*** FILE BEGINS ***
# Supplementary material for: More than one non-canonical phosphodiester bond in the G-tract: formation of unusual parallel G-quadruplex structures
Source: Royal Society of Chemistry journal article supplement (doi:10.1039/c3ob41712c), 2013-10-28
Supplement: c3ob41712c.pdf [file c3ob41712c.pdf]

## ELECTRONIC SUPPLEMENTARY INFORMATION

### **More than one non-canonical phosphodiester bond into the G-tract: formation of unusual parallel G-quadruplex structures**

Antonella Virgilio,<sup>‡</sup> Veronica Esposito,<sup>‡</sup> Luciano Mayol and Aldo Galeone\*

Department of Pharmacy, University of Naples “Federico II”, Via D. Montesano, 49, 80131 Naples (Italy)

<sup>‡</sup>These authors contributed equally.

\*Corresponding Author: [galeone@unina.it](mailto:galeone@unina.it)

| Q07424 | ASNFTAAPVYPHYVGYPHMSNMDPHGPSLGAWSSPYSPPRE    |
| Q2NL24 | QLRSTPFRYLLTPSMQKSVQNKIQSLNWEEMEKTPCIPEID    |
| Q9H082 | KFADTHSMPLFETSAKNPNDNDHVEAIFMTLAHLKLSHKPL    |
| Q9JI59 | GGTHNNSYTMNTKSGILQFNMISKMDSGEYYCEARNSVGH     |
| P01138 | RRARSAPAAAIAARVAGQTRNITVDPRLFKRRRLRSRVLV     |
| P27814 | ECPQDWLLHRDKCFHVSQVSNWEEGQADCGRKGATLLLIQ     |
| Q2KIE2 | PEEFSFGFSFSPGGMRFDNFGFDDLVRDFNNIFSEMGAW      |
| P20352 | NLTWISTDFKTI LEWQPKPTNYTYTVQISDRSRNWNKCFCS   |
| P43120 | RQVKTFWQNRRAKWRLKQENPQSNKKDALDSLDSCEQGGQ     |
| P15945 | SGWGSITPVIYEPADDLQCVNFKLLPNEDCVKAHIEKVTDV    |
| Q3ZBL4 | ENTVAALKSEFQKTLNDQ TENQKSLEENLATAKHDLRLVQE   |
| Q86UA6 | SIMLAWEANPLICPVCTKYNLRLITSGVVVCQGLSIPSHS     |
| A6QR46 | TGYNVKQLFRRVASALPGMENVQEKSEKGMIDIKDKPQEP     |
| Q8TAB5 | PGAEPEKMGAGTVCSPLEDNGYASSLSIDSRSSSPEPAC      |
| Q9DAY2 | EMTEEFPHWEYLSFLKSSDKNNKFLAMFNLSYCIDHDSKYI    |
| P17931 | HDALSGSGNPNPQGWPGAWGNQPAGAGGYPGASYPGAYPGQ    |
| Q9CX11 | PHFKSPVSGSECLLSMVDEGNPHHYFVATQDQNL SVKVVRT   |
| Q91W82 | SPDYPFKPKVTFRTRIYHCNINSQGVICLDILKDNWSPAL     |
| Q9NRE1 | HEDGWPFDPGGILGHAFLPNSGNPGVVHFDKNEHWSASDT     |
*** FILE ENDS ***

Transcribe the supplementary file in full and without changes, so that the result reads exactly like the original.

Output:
# Supplementary material for: More than one non-canonical phosphodiester bond in the G-tract: formation of unusual parallel G-quadruplex structures
Source: Royal Society of Chemistry journal article supplement (doi:10.1039/c3ob41712c), 2013-10-28
Supplement: c3ob41712c.pdf [file c3ob41712c.pdf]

## ELECTRONIC SUPPLEMENTARY INFORMATION

### **More than one non-canonical phosphodiester bond into the G-tract: formation of unusual parallel G-quadruplex structures**

Antonella Virgilio,<sup>‡</sup> Veronica Esposito,<sup>‡</sup> Luciano Mayol and Aldo Galeone\*

Department of Pharmacy, University of Naples “Federico II”, Via D. Montesano, 49, 80131 Naples (Italy)

<sup>‡</sup>These authors contributed equally.

\*Corresponding Author: [galeone@unina.it](mailto:galeone@unina.it)

| Q07424 | ASNFTAAPVYPHYVGYPHMSNMDPHGPSLGAWSSPYSPPRE    |
| Q2NL24 | QLRSTPFRYLLTPSMQKSVQNKIQSLNWEEMEKTPCIPEID    |
| Q9H082 | KFADTHSMPLFETSAKNPNDNDHVEAIFMTLAHLKLSHKPL    |
| Q9JI59 | GGTHNNSYTMNTKSGILQFNMISKMDSGEYYCEARNSVGH     |
| P01138 | RRARSAPAAAIAARVAGQTRNITVDPRLFKRRRLRSRVLV     |
| P27814 | ECPQDWLLHRDKCFHVSQVSNWEEGQADCGRKGATLLLIQ     |
| Q2KIE2 | PEEFSFGFSFSPGGMRFDNFGFDDLVRDFNNIFSEMGAW      |
| P20352 | NLTWISTDFKTI LEWQPKPTNYTYTVQISDRSRNWNKCFCS   |
| P43120 | RQVKTFWQNRRAKWRLKQENPQSNKKDALDSLDSCEQGGQ     |
| P15945 | SGWGSITPVIYEPADDLQCVNFKLLPNEDCVKAHIEKVTDV    |
| Q3ZBL4 | ENTVAALKSEFQKTLNDQ TENQKSLEENLATAKHDLRLVQE   |
| Q86UA6 | SIMLAWEANPLICPVCTKYNLRLITSGVVVCQGLSIPSHS     |
| A6QR46 | TGYNVKQLFRRVASALPGMENVQEKSEKGMIDIKDKPQEP     |
| Q8TAB5 | PGAEPEKMGAGTVCSPLEDNGYASSLSIDSRSSSPEPAC      |
| Q9DAY2 | EMTEEFPHWEYLSFLKSSDKNNKFLAMFNLSYCIDHDSKYI    |
| P17931 | HDALSGSGNPNPQGWPGAWGNQPAGAGGYPGASYPGAYPGQ    |
| Q9CX11 | PHFKSPVSGSECLLSMVDEGNPHHYFVATQDQNL SVKVVRT   |
| Q91W82 | SPDYPFKPKVTFRTRIYHCNINSQGVICLDILKDNWSPAL     |
| Q9NRE1 | HEDGWPFDPGGILGHAFLPNSGNPGVVHFDKNEHWSASDT     |